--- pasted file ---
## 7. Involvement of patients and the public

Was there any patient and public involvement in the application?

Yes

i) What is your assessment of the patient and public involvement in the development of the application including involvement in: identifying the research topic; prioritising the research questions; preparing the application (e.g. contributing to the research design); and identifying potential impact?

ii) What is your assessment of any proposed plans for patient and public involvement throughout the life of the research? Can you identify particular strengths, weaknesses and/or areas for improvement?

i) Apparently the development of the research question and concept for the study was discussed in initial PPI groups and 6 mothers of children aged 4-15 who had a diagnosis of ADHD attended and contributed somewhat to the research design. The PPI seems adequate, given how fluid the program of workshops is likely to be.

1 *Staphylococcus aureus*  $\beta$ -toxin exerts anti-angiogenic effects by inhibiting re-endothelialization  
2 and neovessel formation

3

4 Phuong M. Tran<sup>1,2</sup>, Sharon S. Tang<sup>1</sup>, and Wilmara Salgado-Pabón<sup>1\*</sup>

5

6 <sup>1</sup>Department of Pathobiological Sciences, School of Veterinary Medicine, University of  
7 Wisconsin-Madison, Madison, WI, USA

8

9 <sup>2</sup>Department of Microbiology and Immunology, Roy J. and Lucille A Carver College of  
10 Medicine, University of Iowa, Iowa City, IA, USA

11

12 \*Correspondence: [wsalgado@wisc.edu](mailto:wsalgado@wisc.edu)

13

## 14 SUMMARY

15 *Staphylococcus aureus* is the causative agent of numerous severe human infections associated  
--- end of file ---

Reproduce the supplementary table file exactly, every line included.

## 7. Involvement of patients and the public

Was there any patient and public involvement in the application?

Yes

i) What is your assessment of the patient and public involvement in the development of the application including involvement in: identifying the research topic; prioritising the research questions; preparing the application (e.g. contributing to the research design); and identifying potential impact?

ii) What is your assessment of any proposed plans for patient and public involvement throughout the life of the research? Can you identify particular strengths, weaknesses and/or areas for improvement?

i) Apparently the development of the research question and concept for the study was discussed in initial PPI groups and 6 mothers of children aged 4-15 who had a diagnosis of ADHD attended and contributed somewhat to the research design. The PPI seems adequate, given how fluid the program of workshops is likely to be.

1 *Staphylococcus aureus*  $\beta$ -toxin exerts anti-angiogenic effects by inhibiting re-endothelialization  
2 and neovessel formation

3

4 Phuong M. Tran<sup>1,2</sup>, Sharon S. Tang<sup>1</sup>, and Wilmara Salgado-Pabón<sup>1\*</sup>

5

6 <sup>1</sup>Department of Pathobiological Sciences, School of Veterinary Medicine, University of  
7 Wisconsin-Madison, Madison, WI, USA

8

9 <sup>2</sup>Department of Microbiology and Immunology, Roy J. and Lucille A Carver College of  
10 Medicine, University of Iowa, Iowa City, IA, USA

11

12 \*Correspondence: [wsalgado@wisc.edu](mailto:wsalgado@wisc.edu)

13

## 14 SUMMARY

15 *Staphylococcus aureus* is the causative agent of numerous severe human infections associated  